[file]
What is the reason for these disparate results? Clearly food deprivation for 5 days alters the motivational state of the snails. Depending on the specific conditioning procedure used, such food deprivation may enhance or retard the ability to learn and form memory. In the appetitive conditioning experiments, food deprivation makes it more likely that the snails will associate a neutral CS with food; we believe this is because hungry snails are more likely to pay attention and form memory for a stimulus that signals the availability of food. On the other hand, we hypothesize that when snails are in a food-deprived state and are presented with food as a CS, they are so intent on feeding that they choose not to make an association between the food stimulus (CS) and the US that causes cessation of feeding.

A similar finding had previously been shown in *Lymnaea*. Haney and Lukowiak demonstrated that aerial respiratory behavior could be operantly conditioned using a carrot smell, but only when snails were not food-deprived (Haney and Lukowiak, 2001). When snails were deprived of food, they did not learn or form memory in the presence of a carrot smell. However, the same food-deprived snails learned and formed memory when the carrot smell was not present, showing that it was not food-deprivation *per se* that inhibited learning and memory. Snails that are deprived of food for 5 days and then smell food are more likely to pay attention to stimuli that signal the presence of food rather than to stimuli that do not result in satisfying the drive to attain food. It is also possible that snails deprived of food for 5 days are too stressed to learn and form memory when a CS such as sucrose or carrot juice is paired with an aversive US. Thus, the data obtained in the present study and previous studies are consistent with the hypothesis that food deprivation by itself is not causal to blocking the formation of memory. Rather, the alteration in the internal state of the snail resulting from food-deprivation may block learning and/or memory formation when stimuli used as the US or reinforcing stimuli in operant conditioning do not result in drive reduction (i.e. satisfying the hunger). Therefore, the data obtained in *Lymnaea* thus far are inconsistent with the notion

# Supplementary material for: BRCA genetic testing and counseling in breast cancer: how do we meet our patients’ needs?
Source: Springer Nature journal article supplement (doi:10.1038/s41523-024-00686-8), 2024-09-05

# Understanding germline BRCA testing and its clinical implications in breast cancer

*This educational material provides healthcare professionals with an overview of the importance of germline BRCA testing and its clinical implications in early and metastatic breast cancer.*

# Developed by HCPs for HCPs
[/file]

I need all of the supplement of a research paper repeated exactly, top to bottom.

What is the reason for these disparate results? Clearly food deprivation for 5 days alters the motivational state of the snails. Depending on the specific conditioning procedure used, such food deprivation may enhance or retard the ability to learn and form memory. In the appetitive conditioning experiments, food deprivation makes it more likely that the snails will associate a neutral CS with food; we believe this is because hungry snails are more likely to pay attention and form memory for a stimulus that signals the availability of food. On the other hand, we hypothesize that when snails are in a food-deprived state and are presented with food as a CS, they are so intent on feeding that they choose not to make an association between the food stimulus (CS) and the US that causes cessation of feeding.

A similar finding had previously been shown in *Lymnaea*. Haney and Lukowiak demonstrated that aerial respiratory behavior could be operantly conditioned using a carrot smell, but only when snails were not food-deprived (Haney and Lukowiak, 2001). When snails were deprived of food, they did not learn or form memory in the presence of a carrot smell. However, the same food-deprived snails learned and formed memory when the carrot smell was not present, showing that it was not food-deprivation *per se* that inhibited learning and memory. Snails that are deprived of food for 5 days and then smell food are more likely to pay attention to stimuli that signal the presence of food rather than to stimuli that do not result in satisfying the drive to attain food. It is also possible that snails deprived of food for 5 days are too stressed to learn and form memory when a CS such as sucrose or carrot juice is paired with an aversive US. Thus, the data obtained in the present study and previous studies are consistent with the hypothesis that food deprivation by itself is not causal to blocking the formation of memory. Rather, the alteration in the internal state of the snail resulting from food-deprivation may block learning and/or memory formation when stimuli used as the US or reinforcing stimuli in operant conditioning do not result in drive reduction (i.e. satisfying the hunger). Therefore, the data obtained in *Lymnaea* thus far are inconsistent with the notion

# Supplementary material for: BRCA genetic testing and counseling in breast cancer: how do we meet our patients’ needs?
Source: Springer Nature journal article supplement (doi:10.1038/s41523-024-00686-8), 2024-09-05

# Understanding germline BRCA testing and its clinical implications in breast cancer

*This educational material provides healthcare professionals with an overview of the importance of germline BRCA testing and its clinical implications in early and metastatic breast cancer.*

# Developed by HCPs for HCPs